Mount Elbrus, The Caucasus region

10 Oldest Languages Still Spoken Today

Mount Elbrus, The Caucasus region, 10 oldest languages still spoken today

Mount Elbrus, Europe’s highest mountain in the Caucasus region between Europe and Asia. A region known for its linguistic diversity / Wikipedia

10 Oldest Languages in Use Today

It is almost impossible to judge how old one language is from another. The evolution of language is virtually similar to biological evolution; like evolution, changes to a language happen minutely over the course of generations. However, there is no clearly discernible difference between one language and the next language, from which a language derived.

Despite this, each of the ten languages listed are considerably ancient yet still spoken today. Each with an intriguing history that differentiates it from a multitude of others.

Those 10 Ancient Languages

Hebrew
The Hebrew language is an interesting case on this list: it fell out of common usage circa 400 CE. Yet it remained preserved as a liturgical language for Jews around the world. The rise of Zionism in the 19th and 20th centuries revived the language until it became the official language of Israel. Hebrew speakers can fully understand the Old Testament in its original writings.
Tamil
Spoken by circa 78 million people, Tamil is officially recognized as a language of India, Sri Lanka and Singapore. This classical language has survived the ages. Dating back to the third century BCE, and still in continuous use today.
Lithuanian
Lithuanian, like most European languages, is Indo-European in origin. This group divided up c.3500 BCE. The most fascinating feature of Lithuanian is that it retained the sounds and grammar of its Proto-Indo-European ancestor, unlike that of its cousins.
Farsi
Mainly spoken in Iran, Afghanistan and Tajikistan, Farsi is actually Persian, a direct descendant of Old Persian. Modern Persian first appeared circa 800 CE. Farsi speakers could quite easily read ancient texts in Persian with relative ease, more fluently than English speakers can read Shakespeare!

Ones you wouldn’t consider ancient

Icelandic
The Scandinavian language Icelandic is an Indo-European language from the North Germanic branch. This ancient language of the Norse peoples developed quite conservatively over the centuries. Amazingly, Icelanders can read their ancient sagas as if they were written yesterday.
Macedonian
This Slavic language belongs to the same family as Russian, Polish, Czech and Croatian. The Slavic language family is relatively young as far as languages are concerned and only split from Proto-Slavic, pre-ninth century CE.
Basque
The Basque language is a linguistic mystery. Spoken in regions that stretch across both France and Spain; it’s also unrelated to the Romance language family. The only explanation to explain it thus far, is that it existed long before the Romans arrived with the Latin they had spoken that subsequently developed into French and Spanish.
Finnish
The Finnish language is a member of the Finno-Ugric family which includes Estonian, Hungarian and several languages in minority groups across Siberia. Written down in the 16th century, its history is long. Interestingly, Finnish has many loanwords still in usage from Old Germanic and Gothic (those two languages do not exist today).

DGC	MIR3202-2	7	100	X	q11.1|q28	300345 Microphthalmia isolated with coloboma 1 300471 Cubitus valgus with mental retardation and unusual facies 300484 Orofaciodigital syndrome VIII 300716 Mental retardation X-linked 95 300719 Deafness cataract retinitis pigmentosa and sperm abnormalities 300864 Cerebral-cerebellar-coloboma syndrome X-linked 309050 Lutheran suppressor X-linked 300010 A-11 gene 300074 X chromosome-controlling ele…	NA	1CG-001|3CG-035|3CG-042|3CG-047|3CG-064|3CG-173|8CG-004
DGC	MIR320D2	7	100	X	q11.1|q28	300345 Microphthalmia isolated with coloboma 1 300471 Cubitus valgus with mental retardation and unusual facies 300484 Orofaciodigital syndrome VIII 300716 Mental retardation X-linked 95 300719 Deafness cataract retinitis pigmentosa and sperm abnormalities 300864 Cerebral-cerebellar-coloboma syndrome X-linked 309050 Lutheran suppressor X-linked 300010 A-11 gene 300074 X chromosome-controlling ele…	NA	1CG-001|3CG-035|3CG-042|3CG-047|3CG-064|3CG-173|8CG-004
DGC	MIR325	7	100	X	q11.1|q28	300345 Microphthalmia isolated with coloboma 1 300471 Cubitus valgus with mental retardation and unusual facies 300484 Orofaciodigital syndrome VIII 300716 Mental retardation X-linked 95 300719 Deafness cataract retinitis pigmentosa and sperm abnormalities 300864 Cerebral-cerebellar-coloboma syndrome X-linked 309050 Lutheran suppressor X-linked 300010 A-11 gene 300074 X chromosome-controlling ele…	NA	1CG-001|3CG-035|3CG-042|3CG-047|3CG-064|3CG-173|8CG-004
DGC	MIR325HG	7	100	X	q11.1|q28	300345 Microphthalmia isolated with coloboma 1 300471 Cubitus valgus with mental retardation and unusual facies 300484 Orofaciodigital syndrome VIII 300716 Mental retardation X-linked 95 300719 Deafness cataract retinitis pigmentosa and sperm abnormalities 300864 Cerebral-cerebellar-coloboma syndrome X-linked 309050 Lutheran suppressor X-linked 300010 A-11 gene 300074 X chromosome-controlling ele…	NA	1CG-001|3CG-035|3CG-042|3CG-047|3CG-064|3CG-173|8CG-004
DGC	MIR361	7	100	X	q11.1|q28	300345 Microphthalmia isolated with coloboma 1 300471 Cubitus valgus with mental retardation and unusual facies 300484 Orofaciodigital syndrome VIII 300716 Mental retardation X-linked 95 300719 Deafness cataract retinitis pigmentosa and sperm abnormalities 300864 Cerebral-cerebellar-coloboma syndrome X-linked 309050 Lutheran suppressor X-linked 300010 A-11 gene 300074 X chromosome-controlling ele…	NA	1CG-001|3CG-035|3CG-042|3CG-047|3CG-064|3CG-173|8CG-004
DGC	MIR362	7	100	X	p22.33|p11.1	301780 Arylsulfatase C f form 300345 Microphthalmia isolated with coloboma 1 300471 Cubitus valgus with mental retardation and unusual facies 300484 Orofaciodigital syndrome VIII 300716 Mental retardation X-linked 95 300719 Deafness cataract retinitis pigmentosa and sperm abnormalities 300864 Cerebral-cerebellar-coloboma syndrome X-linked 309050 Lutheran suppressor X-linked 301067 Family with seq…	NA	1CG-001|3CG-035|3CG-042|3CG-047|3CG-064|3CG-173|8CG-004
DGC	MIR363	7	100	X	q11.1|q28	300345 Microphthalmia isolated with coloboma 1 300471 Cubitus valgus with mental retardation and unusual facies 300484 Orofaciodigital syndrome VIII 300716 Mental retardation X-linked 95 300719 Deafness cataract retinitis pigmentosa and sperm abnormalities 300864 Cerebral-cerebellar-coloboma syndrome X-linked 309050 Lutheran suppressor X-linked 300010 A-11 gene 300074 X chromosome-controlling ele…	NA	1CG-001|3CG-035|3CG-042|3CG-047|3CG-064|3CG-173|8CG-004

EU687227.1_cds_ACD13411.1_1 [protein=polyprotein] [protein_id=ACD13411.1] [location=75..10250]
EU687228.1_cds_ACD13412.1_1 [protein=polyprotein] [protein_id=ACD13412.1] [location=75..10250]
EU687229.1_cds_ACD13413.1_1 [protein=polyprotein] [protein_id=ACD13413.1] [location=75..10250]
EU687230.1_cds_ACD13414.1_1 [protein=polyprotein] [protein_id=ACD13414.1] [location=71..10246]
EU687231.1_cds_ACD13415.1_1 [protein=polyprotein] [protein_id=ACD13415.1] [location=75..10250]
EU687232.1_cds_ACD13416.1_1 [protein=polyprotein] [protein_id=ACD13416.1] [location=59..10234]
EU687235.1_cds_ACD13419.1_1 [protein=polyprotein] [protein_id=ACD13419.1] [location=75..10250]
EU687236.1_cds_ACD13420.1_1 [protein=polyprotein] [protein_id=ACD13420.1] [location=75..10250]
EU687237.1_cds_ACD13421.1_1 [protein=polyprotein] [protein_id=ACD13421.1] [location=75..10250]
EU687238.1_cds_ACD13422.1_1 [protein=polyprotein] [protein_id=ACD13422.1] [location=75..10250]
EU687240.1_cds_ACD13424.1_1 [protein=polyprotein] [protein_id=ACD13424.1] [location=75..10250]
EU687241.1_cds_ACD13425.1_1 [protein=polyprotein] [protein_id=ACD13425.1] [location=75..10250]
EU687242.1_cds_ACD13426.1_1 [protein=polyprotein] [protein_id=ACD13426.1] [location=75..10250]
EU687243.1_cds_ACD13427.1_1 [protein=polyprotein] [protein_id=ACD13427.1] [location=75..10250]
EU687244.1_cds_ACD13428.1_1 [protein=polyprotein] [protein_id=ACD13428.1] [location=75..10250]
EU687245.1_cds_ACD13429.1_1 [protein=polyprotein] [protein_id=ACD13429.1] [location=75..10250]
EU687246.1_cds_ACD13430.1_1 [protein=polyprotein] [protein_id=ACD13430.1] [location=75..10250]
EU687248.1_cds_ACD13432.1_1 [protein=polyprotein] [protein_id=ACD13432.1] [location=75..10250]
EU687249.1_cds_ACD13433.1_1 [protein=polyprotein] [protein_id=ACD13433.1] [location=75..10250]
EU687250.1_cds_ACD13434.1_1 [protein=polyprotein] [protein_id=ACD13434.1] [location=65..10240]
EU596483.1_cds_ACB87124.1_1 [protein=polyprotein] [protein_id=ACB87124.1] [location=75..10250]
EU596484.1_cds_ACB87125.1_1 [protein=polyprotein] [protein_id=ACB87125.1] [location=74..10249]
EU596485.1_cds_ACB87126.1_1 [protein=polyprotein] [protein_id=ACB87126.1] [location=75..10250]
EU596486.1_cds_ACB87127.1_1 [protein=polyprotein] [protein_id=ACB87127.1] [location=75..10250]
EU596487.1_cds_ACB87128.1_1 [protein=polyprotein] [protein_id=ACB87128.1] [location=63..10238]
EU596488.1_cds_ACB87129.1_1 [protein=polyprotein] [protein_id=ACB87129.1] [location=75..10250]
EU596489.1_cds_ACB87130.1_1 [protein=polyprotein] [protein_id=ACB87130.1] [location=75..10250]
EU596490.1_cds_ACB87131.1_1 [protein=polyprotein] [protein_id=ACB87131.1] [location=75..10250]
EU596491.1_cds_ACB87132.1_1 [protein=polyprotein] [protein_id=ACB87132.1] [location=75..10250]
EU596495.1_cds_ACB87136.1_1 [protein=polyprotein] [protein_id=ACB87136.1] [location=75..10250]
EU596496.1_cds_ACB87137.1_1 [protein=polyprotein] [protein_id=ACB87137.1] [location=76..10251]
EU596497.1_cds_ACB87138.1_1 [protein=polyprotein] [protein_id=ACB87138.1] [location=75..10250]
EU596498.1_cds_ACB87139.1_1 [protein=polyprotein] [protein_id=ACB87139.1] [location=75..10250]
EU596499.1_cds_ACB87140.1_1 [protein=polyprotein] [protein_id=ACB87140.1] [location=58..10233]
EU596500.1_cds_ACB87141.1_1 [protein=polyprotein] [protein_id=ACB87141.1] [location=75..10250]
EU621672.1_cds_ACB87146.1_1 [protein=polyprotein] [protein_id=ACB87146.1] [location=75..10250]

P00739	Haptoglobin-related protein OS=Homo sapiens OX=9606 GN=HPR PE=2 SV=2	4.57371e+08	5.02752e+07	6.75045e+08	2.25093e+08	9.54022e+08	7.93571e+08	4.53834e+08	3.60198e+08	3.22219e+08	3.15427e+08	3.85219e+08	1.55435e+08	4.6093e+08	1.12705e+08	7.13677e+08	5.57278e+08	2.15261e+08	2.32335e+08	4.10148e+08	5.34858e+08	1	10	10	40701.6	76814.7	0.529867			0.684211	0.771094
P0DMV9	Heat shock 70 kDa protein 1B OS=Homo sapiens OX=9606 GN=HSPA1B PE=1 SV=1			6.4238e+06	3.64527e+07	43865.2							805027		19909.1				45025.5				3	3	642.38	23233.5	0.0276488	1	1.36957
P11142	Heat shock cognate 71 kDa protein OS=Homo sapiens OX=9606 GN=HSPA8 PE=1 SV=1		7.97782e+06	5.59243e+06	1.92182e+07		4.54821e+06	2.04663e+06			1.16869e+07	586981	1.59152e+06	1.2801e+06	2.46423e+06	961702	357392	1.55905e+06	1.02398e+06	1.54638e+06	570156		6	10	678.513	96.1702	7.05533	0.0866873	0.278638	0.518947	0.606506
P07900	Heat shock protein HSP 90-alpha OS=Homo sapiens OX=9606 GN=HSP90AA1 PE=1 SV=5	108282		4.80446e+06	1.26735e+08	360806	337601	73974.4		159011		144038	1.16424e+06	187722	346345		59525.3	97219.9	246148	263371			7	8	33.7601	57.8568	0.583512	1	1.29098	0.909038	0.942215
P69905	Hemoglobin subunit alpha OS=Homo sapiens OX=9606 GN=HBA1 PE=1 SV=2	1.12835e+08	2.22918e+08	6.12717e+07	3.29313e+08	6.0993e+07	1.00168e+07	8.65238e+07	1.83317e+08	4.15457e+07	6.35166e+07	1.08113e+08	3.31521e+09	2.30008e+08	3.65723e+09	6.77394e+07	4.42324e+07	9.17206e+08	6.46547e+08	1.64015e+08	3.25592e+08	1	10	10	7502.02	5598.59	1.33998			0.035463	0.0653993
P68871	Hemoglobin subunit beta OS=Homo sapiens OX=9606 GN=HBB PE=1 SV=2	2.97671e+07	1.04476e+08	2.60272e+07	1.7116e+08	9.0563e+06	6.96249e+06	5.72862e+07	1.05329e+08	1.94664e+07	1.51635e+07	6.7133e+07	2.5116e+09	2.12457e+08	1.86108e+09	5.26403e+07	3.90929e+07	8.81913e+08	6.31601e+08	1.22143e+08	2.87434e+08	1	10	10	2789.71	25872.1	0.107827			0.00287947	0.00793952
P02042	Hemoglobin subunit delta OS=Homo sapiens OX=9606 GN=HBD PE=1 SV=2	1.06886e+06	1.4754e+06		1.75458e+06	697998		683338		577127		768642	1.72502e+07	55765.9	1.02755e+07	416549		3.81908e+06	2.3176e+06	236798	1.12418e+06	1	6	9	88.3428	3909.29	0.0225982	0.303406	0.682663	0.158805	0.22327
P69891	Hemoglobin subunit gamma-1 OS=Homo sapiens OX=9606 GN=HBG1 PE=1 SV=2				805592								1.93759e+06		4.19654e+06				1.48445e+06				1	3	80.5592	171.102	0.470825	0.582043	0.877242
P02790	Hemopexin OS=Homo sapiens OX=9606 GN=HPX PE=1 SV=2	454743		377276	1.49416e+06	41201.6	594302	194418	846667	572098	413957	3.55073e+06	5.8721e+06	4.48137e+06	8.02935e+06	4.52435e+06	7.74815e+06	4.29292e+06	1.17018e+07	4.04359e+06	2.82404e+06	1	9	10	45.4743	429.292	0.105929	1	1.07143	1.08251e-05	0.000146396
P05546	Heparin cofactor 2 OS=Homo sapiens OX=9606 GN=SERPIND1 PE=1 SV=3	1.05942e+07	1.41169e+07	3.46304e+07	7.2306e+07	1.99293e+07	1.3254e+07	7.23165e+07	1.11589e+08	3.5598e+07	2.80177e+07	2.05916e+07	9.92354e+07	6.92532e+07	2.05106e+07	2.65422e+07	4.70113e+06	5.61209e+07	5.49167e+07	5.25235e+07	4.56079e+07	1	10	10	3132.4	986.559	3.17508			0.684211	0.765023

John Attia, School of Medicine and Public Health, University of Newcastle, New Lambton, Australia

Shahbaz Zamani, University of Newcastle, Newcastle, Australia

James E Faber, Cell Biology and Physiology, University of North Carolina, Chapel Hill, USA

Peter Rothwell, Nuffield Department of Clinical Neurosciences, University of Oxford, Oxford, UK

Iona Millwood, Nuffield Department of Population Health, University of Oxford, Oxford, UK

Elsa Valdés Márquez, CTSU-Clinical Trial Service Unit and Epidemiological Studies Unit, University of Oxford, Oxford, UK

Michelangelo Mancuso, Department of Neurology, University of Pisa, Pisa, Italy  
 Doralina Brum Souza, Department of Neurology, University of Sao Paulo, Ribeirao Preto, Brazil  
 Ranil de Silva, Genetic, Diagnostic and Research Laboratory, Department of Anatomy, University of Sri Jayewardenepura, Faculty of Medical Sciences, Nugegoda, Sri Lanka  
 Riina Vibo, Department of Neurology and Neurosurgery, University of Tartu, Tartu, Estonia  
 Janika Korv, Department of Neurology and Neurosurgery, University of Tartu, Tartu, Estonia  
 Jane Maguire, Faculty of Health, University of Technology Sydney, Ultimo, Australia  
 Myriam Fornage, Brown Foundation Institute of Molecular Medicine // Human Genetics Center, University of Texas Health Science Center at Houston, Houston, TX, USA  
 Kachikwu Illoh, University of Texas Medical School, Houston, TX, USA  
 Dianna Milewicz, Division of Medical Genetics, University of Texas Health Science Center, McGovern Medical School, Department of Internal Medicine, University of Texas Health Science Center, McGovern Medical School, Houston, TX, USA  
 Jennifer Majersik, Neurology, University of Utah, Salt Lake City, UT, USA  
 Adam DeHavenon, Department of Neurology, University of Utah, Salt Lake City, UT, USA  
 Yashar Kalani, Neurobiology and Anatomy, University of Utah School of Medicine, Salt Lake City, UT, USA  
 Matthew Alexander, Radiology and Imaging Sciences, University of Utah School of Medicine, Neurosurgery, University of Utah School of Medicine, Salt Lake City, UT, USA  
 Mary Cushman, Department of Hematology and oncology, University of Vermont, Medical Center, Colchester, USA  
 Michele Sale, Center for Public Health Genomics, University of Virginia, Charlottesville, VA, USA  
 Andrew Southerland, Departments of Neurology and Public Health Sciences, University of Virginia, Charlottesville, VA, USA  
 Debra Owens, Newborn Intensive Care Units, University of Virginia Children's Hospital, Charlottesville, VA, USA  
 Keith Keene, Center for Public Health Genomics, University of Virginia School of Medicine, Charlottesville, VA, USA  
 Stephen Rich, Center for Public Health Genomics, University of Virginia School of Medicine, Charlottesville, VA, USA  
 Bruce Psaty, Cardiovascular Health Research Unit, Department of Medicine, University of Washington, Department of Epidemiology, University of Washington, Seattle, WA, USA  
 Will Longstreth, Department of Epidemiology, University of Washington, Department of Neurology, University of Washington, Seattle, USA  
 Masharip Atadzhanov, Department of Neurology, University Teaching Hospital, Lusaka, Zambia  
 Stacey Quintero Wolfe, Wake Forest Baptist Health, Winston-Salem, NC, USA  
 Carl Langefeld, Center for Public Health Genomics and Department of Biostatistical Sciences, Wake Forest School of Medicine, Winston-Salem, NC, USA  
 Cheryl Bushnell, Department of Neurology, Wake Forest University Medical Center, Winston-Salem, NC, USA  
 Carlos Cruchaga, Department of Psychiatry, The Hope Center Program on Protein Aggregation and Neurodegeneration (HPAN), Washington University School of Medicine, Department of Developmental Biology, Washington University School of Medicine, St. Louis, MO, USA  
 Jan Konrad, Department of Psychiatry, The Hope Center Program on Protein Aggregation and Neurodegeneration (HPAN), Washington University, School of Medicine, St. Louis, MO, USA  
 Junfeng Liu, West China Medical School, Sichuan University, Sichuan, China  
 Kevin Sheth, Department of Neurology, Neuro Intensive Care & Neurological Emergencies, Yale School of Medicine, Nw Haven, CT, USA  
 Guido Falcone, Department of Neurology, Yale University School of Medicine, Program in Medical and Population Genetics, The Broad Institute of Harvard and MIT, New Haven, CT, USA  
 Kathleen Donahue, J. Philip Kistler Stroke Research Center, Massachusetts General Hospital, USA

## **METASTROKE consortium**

Georgian
Georgian is spoken in Armenia, Azerbaijan and Georgia, originating from the Caucasus region, the frontier between Europe and Asia. It’s part of the Kartvelian language family and unlike any other in the world. Although its alphabet is thought to be adapted from Aramaic.

Last but not least

Irish Gaelic
A minority of people in Ireland speak Irish (Gaeilge) today, but its history is long and artistic. A member of the Celtic branch of Indo-European languages, it existed long before the Germanic influences of Norse, Anglo-Saxon and Frisian landed on the British Isles. Scottish Gaelic and Manx derived from Irish Gaelic through migration. With the oldest vernacular of any language in Western Europe, the ancient Irish chose to write their manuscripts in Gaelic rather than the common Latin, at that time.
Graham O'Mahony, Blogger and Web Designer
Graham
Web Designer and Blogger
The STAR Team
Follow the conversation on Twitter logo @STARTranslation

Source: The Culture Trip

Four Courts, Dublin

Not translating into Irish could see legal cases dismissed

Four Courts, Dublin, not translating into irish could see legal cases dismissed
Image: Four Courts, Dublin / Wikipedia

Key legislation remains in English only

It was reported in The Journal today that criminal cases across the country could be adjourned or even dismissed as a result of the state’s failure to have 11-year-old legislation translated into Irish.

Solicitor, Samantha Geraghty, speaking on RTÉ Radio na Gaeltachta said the government has failed in its constitutional obligation to translate the Civil Liability and Courts Act 2004. Summonses are issued because of this piece of legislation. A judge from Belmullet district court, Mayo said that of such a breach “an order of prohibition could apply to appropriate cases.” Simply put, if a translation of the Act is not produced by 21st of March 2016, then there is a danger that some cases may be thrown out.

There is a constitutional right to have your case defended in Irish without disadvantage and that can’t happen if the law is not available in Irish,” Samantha Geraghty added.